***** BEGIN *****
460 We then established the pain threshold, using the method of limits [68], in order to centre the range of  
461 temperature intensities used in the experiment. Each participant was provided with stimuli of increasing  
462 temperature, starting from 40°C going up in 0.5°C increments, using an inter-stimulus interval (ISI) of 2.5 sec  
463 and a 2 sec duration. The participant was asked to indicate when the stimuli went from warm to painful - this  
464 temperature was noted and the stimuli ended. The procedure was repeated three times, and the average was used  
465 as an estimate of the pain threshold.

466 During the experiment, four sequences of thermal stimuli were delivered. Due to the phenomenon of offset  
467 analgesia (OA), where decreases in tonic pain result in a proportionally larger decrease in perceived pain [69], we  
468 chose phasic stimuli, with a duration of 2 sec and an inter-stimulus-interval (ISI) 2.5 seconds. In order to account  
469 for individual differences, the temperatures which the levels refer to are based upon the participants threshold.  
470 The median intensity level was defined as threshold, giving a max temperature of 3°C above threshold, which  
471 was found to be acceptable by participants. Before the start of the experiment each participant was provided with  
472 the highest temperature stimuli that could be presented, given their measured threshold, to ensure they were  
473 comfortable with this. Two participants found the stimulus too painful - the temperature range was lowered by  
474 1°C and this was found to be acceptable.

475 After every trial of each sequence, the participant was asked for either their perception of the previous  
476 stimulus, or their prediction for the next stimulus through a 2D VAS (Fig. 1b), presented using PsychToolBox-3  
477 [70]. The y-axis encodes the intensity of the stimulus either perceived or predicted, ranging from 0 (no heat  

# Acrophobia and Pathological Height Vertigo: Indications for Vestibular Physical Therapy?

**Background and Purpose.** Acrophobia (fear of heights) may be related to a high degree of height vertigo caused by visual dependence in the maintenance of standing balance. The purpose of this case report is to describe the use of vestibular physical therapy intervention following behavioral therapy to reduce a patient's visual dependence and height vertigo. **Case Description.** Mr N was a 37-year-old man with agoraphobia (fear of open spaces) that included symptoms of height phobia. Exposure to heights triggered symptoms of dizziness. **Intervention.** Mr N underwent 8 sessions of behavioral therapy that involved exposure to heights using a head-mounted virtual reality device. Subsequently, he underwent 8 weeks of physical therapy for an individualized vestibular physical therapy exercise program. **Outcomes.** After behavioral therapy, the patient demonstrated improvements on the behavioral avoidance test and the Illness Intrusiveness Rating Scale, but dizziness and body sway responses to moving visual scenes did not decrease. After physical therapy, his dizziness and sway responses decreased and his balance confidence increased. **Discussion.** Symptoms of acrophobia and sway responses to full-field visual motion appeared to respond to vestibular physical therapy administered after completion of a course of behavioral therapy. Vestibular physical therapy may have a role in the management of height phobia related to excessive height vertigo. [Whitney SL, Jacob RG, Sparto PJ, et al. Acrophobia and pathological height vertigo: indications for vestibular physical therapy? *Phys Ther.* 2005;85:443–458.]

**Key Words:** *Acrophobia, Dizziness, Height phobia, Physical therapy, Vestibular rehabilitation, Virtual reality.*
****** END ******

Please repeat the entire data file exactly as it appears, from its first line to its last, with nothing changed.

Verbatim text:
460 We then established the pain threshold, using the method of limits [68], in order to centre the range of  
461 temperature intensities used in the experiment. Each participant was provided with stimuli of increasing  
462 temperature, starting from 40°C going up in 0.5°C increments, using an inter-stimulus interval (ISI) of 2.5 sec  
463 and a 2 sec duration. The participant was asked to indicate when the stimuli went from warm to painful - this  
464 temperature was noted and the stimuli ended. The procedure was repeated three times, and the average was used  
465 as an estimate of the pain threshold.

466 During the experiment, four sequences of thermal stimuli were delivered. Due to the phenomenon of offset  
467 analgesia (OA), where decreases in tonic pain result in a proportionally larger decrease in perceived pain [69], we  
468 chose phasic stimuli, with a duration of 2 sec and an inter-stimulus-interval (ISI) 2.5 seconds. In order to account  
469 for individual differences, the temperatures which the levels refer to are based upon the participants threshold.  
470 The median intensity level was defined as threshold, giving a max temperature of 3°C above threshold, which  
471 was found to be acceptable by participants. Before the start of the experiment each participant was provided with  
472 the highest temperature stimuli that could be presented, given their measured threshold, to ensure they were  
473 comfortable with this. Two participants found the stimulus too painful - the temperature range was lowered by  
474 1°C and this was found to be acceptable.

475 After every trial of each sequence, the participant was asked for either their perception of the previous  
476 stimulus, or their prediction for the next stimulus through a 2D VAS (Fig. 1b), presented using PsychToolBox-3  
477 [70]. The y-axis encodes the intensity of the stimulus either perceived or predicted, ranging from 0 (no heat  

# Acrophobia and Pathological Height Vertigo: Indications for Vestibular Physical Therapy?

**Background and Purpose.** Acrophobia (fear of heights) may be related to a high degree of height vertigo caused by visual dependence in the maintenance of standing balance. The purpose of this case report is to describe the use of vestibular physical therapy intervention following behavioral therapy to reduce a patient's visual dependence and height vertigo. **Case Description.** Mr N was a 37-year-old man with agoraphobia (fear of open spaces) that included symptoms of height phobia. Exposure to heights triggered symptoms of dizziness. **Intervention.** Mr N underwent 8 sessions of behavioral therapy that involved exposure to heights using a head-mounted virtual reality device. Subsequently, he underwent 8 weeks of physical therapy for an individualized vestibular physical therapy exercise program. **Outcomes.** After behavioral therapy, the patient demonstrated improvements on the behavioral avoidance test and the Illness Intrusiveness Rating Scale, but dizziness and body sway responses to moving visual scenes did not decrease. After physical therapy, his dizziness and sway responses decreased and his balance confidence increased. **Discussion.** Symptoms of acrophobia and sway responses to full-field visual motion appeared to respond to vestibular physical therapy administered after completion of a course of behavioral therapy. Vestibular physical therapy may have a role in the management of height phobia related to excessive height vertigo. [Whitney SL, Jacob RG, Sparto PJ, et al. Acrophobia and pathological height vertigo: indications for vestibular physical therapy? *Phys Ther.* 2005;85:443–458.]

**Key Words:** *Acrophobia, Dizziness, Height phobia, Physical therapy, Vestibular rehabilitation, Virtual reality.*